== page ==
The Performance by Claire Thomas is published with Weidenfeld & Nicolson and has been described as ‘the perfect novel for our times, speaking to our anxieties and hopes, while also establishing itself as a classic in the making’.
Set in a theatre in Melbourne, The Performance is quite unlike any book I have read before. Three women from various backgrounds are watching a live performance of Happy Days, the 1960s play by Samuel Beckett. It is a two-act play and, as the bushfires rage on in the outskirts of the city, we sit through the play with these women. We get insights into their lives as they flit between the play and their own thoughts. They arrive at the play, they watch the play and then they leave when it is finished. The Performance is very much about what happens in between.
I have a huge admission to make before I continue. I have never read Beckett and I have never seen or heard any Beckett before. Was this a disadvantage to me while reading The Performance? I would say it was. The play centres around Winnie, a woman who I suspect symbolises mother-earth. She is trapped in a mound of earth up to her waist in Act 1 and, in Act II it is only her head that the audience can see above the earth. Winnie is accepting of this situation, one where she is gradually disappearing. All sounding very odd indeed but I am sure that there are more apt descriptions elsewhere that will explain the premise a lot better.
Interspersed throughout the tale are occasional lines from the play as Winnie’s voice is heard above the thoughts of our main characters.
Margot is at the show on her own. Her husband isn’t well and now Margot, in her 70s, is remembering their lives and the decisions she made. A very accomplished character, Margot sits and considers her choices in life through the years and thinks about what the future now holds for her. Her position at work is on shaky ground and Margot can feel her life spiralling out of her control.
Ivy is a woman of inherited wealth who is a financial contributor to many causes but wishes to always remain anonymous and in the background. Ivy did not have it easy early in life and now, sitting with her best friend Helen at the play, she recalls her past and the challenges she has had to overcome. Ivy is struggling underneath the veneer and she exposes herself a little to the reader as her internal thoughts distract her from concentrating on Winnie.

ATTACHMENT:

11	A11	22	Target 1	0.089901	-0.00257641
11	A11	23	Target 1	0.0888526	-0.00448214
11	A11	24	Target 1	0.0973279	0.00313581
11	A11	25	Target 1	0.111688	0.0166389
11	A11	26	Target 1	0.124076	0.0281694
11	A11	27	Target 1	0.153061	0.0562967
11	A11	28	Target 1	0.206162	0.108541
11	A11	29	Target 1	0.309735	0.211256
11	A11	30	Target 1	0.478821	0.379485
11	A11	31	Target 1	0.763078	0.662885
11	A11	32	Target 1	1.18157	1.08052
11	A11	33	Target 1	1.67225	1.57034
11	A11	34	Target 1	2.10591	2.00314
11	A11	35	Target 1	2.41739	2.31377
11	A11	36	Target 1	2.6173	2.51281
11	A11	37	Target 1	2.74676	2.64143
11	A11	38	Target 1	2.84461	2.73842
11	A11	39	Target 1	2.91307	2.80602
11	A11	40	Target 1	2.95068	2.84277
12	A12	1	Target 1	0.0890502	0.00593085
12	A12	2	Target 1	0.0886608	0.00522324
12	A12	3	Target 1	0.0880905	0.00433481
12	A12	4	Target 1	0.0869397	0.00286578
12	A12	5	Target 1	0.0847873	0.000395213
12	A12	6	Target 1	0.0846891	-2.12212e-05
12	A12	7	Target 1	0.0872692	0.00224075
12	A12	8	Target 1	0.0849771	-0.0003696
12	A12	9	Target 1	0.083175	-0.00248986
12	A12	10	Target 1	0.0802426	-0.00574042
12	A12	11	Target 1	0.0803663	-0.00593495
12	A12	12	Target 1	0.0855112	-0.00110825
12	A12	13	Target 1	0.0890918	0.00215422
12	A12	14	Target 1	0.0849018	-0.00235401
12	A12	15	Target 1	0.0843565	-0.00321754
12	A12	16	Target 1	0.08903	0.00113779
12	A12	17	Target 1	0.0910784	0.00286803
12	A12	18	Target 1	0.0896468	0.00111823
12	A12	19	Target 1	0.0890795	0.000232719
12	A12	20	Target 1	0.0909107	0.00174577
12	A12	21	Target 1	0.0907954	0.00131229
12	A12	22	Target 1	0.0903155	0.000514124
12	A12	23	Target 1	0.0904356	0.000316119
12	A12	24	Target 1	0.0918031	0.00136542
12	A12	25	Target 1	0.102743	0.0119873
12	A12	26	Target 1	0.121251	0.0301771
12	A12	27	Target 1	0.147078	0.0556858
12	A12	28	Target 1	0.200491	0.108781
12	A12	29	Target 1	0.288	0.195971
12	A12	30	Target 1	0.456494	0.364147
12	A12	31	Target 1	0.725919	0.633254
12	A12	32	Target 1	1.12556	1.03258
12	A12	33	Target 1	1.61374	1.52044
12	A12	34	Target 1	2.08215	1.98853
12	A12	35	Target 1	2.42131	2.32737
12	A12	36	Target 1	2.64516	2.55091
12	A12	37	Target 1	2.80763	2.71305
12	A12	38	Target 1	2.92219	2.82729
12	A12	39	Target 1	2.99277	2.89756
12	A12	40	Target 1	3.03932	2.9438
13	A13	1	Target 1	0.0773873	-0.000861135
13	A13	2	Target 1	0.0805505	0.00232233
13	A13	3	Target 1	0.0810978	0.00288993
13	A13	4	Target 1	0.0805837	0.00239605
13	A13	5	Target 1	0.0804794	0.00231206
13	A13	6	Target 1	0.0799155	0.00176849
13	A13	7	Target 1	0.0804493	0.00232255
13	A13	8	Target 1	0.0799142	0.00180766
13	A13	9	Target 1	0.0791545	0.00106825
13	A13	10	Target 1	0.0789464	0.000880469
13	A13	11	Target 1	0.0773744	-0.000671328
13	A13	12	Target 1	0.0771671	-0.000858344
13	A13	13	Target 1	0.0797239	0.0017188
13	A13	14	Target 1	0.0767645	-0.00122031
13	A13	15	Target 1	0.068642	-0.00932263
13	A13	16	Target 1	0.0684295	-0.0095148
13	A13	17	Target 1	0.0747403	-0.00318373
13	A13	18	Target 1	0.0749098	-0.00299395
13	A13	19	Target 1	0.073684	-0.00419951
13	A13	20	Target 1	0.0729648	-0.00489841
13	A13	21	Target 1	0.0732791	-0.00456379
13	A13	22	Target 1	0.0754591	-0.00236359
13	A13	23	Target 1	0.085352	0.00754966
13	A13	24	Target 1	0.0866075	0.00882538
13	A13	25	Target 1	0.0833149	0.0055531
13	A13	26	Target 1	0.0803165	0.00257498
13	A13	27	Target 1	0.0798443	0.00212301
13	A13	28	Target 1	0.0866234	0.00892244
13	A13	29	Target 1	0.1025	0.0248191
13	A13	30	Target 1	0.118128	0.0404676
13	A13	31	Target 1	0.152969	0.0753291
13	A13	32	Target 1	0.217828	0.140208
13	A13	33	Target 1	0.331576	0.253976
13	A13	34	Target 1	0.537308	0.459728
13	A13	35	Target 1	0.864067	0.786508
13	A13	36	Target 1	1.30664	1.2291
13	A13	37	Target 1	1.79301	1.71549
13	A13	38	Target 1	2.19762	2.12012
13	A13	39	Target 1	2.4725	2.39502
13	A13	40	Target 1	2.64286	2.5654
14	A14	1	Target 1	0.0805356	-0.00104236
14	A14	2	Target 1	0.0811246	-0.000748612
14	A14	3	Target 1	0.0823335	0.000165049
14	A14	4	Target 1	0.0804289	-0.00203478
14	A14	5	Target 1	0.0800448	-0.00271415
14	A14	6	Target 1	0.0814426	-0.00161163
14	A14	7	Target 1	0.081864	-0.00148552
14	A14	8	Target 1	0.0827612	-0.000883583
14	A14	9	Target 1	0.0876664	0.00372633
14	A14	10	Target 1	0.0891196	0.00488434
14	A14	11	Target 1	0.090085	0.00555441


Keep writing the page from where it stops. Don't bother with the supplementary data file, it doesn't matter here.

Summer is a young girl working part-time as an usher in the theatre in the hope that the experience will enhance her studies. But instead it has only given her more time to think about her life and her girlfriend. Summer has anxiety issues and, while she sits in attendance during the performance her mind constantly drifts into worry and anxiousness. Summer worries about everything – about her own life, about the environment and the damage humanity is inflicting on it.
The internal monologues of these three women struggling in their lives are intertwined with Winnie’s on-stage dialogue providing the reader of The Performance with a very profound experience. Claire Thomas has written a very interesting book that has a very strange appeal and is most definitely a quirky read. I expect that I am completely the wrong audience for The Performance, as any Beckett references went right over my head, but I can still see the excellence in the writing and the concept behind this book. The Performance is an off-beat, smart, intense and unconventional novel and an ode to Samuel Beckett, a man I can only assume is greatly admired by Claire Thomas.
(c) Swirl and Thread
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